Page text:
23 Dec – Memorial for St. John of Kanty, presbyter
John (1390-1473) was a Polish country lad. A brilliant student at the University of Krakow, Poland, he became a priest and professor of theology at the University of Krakow, where he was falsely accused and ousted by university rivals.
At the age of 41, he was assigned as parish priest at Olkusz, Bohemia. He took his position seriously, and was terrified of responsibility, but did his best. For a long time that wasn’t enough for his parishioners, but in the end he won their hearts. After several years in his parish, he returned to Krakow and taught Scripture for the rest of his life.
John was a serious, humble man, generous to a fault with the poor, sleeping little, eating no meat and little of anything else. He was a pilgrim to Jerusalem, hoping to be martyred by Turks. He made four pilgrimages to Rome, carrying his luggage on his back. When warned to look after his health, he pointed out that the early desert fathers lived long lives in conditions that had nothing to recommend them but the presence of God.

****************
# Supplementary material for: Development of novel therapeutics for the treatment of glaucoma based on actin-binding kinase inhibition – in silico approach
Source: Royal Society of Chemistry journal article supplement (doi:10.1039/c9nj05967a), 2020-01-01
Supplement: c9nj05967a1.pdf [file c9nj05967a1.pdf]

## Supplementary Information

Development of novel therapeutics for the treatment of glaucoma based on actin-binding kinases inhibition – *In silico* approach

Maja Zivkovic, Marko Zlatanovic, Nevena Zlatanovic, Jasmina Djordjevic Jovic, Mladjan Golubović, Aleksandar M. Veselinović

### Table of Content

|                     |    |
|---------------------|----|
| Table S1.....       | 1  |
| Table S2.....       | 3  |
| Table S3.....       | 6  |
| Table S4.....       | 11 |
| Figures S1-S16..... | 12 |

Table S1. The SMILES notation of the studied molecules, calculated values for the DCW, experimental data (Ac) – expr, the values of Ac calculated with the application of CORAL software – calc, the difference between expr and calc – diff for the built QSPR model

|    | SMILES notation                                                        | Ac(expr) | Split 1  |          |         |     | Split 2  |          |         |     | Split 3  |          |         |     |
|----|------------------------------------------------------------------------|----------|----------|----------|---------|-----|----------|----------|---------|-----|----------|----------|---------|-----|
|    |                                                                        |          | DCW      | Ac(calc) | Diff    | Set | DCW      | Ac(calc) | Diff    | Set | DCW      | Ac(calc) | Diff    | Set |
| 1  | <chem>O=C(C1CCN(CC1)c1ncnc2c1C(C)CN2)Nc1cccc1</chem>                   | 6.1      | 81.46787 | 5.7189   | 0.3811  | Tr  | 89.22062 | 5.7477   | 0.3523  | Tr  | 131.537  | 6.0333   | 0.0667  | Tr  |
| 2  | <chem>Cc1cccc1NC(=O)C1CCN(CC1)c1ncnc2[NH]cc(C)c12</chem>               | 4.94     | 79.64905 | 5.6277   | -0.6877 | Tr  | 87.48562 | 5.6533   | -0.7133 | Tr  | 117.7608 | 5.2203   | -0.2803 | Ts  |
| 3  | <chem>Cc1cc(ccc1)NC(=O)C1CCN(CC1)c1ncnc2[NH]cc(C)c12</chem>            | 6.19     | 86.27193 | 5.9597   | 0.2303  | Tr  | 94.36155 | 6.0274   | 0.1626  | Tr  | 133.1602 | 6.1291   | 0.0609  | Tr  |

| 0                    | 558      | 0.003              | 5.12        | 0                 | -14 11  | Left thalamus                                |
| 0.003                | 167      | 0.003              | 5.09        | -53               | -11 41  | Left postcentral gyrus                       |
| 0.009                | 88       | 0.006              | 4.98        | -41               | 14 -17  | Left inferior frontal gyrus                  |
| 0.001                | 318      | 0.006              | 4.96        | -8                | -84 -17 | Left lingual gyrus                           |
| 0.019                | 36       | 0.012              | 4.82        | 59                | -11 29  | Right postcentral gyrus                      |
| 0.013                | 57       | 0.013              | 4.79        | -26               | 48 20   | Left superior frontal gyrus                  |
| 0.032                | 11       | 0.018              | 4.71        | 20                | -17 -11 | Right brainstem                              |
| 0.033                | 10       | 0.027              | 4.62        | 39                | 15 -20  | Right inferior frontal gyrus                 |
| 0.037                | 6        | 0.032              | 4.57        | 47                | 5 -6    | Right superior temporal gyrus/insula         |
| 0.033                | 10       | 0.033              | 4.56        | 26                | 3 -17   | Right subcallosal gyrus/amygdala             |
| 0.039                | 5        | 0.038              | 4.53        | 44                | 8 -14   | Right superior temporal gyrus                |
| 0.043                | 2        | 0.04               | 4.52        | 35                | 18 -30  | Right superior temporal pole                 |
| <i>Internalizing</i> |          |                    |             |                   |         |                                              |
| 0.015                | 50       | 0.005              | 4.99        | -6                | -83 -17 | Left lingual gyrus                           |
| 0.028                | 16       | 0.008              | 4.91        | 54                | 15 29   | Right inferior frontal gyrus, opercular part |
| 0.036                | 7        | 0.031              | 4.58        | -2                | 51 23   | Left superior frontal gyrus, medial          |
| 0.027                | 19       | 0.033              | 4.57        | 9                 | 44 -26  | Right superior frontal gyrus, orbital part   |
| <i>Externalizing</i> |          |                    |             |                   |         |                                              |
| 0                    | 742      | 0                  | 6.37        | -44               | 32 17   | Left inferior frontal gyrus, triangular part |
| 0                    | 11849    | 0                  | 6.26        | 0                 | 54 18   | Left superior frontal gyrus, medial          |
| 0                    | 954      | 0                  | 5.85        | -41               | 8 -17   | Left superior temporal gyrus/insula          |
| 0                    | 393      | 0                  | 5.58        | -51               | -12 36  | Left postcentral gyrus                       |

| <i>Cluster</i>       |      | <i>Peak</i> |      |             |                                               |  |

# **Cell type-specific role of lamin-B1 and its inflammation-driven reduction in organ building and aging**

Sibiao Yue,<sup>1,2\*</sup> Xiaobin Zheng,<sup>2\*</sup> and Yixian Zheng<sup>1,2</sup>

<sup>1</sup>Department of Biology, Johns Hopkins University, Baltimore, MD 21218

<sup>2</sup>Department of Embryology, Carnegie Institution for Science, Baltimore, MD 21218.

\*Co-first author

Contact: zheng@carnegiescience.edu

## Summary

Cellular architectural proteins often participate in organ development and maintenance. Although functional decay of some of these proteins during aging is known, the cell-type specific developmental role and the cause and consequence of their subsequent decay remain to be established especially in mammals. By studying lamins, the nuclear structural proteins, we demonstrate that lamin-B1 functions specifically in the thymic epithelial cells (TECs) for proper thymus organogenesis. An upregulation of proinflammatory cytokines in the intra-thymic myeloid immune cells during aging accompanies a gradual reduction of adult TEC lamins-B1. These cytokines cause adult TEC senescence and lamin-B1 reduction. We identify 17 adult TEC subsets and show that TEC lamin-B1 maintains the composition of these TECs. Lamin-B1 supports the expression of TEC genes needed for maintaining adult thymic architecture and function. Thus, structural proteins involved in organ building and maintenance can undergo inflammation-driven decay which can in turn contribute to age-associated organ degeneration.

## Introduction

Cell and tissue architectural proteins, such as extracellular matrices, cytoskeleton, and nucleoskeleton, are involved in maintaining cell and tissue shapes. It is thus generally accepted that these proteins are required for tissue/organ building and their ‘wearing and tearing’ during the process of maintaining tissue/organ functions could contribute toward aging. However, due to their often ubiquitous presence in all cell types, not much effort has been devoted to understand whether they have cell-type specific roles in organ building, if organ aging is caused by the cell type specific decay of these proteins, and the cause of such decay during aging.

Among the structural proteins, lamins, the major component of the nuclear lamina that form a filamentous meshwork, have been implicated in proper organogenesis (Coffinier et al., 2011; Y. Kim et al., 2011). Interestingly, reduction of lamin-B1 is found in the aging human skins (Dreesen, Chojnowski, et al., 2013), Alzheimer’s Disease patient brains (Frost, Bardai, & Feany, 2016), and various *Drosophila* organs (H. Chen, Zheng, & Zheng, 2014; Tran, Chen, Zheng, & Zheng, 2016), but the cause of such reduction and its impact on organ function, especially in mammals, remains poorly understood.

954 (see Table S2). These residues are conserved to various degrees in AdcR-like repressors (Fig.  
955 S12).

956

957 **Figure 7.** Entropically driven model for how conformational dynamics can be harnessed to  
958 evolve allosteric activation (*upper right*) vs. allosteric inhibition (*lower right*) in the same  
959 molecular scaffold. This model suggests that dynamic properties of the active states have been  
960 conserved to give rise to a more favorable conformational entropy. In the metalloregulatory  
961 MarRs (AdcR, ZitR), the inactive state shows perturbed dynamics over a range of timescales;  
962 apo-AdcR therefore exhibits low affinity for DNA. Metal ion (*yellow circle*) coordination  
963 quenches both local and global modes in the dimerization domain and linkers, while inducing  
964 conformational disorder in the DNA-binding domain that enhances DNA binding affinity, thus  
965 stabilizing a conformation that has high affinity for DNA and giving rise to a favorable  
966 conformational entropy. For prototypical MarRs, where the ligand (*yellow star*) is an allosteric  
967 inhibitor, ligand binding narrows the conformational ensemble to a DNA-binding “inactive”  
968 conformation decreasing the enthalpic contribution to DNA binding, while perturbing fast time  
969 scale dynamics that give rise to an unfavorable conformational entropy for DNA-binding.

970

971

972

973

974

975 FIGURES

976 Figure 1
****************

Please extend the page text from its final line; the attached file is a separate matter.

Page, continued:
At the time of his death, John was so well loved that his veneration began immediately. For years his doctoral gown was worn by graduates receiving advanced degrees at the University of Krakow. He was declared patron of Poland and Lithuania in 1737 by Pope Clement XII, 30 years before his final canonization.
– Patron Saint Index
The Lord God says this: Look, I am going to send my messenger to prepare a way before me. And the Lord you are seeking will suddenly enter his Temple; and the angel of the covenant whom you are longing for, yes, he is coming, says the Lord of Hosts. Who will be able to resist the day of his coming? Who will remain standing when he appears? For he is like the refiner’s fire and the fullers’ alkali. He will take his seat as refiner and purifier; he will purify the sons of Levi and refine them like gold and silver, and then they will make the offering to the Lord as it should be made. The offering of Judah and Jerusalem will then be welcomed by the Lord as in former days, as in the years of old.